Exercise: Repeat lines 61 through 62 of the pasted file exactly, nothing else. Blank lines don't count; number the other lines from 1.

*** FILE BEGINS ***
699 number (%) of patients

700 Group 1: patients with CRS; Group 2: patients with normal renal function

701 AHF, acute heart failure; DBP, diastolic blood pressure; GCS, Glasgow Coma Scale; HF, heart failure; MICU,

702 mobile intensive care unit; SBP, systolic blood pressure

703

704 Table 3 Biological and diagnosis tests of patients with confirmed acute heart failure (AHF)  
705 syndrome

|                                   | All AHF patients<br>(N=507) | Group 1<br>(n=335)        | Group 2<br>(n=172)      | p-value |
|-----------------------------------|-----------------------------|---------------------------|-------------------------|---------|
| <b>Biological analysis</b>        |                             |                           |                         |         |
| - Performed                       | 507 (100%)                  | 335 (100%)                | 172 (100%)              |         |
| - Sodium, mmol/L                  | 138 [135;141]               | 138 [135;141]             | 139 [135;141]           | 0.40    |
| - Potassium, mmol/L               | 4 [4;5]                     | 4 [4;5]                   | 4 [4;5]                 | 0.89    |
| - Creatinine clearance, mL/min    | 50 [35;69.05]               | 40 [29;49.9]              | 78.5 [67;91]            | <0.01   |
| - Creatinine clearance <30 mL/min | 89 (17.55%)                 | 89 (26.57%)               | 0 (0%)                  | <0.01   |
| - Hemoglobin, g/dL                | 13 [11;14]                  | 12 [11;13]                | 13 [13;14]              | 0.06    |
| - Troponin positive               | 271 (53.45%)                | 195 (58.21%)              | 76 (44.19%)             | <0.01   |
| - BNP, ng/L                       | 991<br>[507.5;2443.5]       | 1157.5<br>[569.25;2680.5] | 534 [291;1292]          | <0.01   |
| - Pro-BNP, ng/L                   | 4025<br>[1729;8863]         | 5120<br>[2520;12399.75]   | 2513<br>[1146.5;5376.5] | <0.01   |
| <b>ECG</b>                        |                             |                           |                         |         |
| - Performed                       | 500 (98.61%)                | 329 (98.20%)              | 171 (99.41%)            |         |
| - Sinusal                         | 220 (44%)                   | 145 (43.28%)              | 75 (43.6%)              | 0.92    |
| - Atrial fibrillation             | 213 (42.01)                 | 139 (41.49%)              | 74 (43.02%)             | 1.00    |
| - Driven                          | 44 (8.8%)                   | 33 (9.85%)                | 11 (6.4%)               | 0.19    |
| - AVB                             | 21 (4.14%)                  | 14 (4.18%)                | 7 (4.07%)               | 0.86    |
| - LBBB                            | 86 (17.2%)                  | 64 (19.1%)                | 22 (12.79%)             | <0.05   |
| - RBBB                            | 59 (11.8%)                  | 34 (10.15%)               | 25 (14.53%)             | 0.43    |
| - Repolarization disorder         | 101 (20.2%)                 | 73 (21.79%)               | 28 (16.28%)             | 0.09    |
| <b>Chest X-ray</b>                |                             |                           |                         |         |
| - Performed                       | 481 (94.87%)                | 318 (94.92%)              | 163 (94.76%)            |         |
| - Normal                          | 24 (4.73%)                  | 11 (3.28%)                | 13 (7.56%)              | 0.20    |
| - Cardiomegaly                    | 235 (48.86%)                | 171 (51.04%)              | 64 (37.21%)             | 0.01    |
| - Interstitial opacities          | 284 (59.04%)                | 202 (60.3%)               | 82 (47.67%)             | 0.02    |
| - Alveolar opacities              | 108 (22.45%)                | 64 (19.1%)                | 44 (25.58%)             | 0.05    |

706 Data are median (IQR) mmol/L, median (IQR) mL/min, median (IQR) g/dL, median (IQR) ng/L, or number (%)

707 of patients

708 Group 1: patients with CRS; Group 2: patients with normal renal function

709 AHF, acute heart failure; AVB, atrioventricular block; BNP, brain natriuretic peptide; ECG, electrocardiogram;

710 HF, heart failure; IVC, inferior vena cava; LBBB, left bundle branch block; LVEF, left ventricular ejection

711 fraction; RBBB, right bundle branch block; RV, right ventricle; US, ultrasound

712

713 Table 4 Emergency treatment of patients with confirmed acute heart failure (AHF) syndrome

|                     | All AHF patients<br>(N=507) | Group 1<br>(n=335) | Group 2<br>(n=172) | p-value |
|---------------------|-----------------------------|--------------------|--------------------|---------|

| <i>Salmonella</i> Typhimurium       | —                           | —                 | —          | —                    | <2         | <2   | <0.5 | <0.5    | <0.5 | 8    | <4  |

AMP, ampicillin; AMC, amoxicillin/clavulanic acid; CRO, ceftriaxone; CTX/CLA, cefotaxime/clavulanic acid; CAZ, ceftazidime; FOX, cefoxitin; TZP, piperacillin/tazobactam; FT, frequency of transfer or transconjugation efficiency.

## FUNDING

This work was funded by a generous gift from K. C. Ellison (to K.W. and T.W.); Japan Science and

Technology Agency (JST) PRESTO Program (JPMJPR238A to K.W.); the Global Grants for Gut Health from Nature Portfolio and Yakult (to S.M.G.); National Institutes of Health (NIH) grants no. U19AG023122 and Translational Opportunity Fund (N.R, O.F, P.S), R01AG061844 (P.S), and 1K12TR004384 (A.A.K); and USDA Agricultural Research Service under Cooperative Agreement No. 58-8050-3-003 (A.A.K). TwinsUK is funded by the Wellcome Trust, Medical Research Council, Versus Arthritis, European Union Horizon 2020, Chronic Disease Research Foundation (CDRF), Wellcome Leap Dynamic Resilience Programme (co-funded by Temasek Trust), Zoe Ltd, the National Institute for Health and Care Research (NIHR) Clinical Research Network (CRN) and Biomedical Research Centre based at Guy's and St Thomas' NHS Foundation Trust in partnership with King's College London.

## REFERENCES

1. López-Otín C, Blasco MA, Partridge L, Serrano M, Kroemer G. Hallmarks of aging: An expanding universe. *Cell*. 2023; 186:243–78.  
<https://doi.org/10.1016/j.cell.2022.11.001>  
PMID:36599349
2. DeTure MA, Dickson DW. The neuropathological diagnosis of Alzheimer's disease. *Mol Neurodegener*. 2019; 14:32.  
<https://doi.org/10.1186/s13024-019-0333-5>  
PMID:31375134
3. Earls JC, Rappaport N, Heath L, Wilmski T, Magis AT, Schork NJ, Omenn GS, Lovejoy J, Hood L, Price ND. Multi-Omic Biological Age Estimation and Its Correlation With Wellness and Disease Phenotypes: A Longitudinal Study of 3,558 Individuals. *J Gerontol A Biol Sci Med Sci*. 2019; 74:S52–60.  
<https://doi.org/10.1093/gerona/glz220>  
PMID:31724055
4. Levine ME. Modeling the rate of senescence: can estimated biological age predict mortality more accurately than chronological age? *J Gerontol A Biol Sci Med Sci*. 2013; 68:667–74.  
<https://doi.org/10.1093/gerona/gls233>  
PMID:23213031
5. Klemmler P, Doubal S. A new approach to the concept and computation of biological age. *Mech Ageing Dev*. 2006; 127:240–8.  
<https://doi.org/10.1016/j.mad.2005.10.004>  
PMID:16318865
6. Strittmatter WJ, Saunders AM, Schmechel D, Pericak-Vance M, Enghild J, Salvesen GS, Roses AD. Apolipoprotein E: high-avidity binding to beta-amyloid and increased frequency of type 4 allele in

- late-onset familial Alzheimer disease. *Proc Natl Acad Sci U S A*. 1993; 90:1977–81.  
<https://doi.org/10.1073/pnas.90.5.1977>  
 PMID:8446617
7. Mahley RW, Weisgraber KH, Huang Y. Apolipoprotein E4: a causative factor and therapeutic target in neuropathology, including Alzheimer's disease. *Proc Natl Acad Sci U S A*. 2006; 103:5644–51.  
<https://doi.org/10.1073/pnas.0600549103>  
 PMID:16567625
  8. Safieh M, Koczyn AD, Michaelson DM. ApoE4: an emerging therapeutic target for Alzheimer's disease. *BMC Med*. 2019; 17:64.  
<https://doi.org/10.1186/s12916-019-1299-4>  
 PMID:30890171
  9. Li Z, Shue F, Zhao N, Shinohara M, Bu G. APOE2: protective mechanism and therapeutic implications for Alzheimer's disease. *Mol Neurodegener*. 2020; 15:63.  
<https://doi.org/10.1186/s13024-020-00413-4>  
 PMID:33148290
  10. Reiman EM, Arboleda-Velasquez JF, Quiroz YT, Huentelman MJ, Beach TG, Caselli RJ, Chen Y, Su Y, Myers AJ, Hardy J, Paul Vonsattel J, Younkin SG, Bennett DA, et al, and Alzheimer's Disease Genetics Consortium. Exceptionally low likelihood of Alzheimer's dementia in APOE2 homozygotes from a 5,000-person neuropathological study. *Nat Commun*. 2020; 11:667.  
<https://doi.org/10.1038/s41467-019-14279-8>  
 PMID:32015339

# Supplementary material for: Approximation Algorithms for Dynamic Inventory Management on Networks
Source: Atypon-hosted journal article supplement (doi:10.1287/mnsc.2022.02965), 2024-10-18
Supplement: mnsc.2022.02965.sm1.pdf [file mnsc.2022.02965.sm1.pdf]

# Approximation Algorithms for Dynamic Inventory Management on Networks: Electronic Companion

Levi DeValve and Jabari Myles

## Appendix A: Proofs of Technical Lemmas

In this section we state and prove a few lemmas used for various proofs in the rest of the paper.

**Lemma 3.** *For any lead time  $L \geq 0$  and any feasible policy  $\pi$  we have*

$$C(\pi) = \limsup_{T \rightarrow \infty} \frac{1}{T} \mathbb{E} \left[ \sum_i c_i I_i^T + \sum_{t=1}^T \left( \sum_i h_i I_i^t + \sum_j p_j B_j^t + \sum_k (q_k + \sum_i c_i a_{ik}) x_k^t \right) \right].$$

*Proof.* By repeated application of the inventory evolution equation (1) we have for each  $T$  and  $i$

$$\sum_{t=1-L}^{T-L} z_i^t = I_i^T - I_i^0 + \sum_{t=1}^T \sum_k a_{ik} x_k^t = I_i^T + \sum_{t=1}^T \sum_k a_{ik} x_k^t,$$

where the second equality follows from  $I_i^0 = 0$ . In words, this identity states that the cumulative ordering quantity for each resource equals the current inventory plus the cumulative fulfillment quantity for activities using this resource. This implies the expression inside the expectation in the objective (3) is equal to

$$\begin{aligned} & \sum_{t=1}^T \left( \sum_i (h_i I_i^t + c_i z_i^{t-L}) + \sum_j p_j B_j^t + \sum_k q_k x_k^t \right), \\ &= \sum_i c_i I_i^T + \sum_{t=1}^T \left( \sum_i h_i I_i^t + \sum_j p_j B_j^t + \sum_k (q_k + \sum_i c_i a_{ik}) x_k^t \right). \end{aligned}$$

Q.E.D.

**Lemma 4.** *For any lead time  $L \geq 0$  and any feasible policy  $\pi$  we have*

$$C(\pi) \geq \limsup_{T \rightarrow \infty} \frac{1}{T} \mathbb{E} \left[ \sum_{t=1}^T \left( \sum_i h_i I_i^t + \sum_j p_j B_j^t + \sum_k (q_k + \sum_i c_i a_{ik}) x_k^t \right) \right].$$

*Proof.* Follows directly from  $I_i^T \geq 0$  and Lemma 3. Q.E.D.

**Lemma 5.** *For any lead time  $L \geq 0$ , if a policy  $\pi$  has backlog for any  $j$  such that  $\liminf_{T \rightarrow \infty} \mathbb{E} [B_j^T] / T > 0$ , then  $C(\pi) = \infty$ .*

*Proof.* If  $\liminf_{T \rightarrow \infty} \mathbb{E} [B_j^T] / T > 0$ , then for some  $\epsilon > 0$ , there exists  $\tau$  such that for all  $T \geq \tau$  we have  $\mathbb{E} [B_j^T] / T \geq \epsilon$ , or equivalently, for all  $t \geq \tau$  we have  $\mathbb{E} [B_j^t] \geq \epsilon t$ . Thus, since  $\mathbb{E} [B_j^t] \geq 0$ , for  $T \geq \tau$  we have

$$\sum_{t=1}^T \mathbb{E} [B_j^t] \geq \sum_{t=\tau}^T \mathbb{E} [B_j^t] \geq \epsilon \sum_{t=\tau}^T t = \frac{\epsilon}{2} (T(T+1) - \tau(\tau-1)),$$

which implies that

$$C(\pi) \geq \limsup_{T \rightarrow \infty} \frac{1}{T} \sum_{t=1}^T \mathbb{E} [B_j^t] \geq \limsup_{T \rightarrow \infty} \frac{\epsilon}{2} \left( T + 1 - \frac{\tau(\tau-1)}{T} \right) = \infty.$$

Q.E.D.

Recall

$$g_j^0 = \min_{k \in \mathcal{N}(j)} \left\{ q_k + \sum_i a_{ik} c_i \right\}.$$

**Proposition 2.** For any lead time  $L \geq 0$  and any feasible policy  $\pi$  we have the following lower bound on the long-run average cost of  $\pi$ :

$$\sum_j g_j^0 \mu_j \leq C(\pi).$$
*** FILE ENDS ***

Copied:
<https://doi.org/10.1093/gerona/gls233>  
PMID:23213031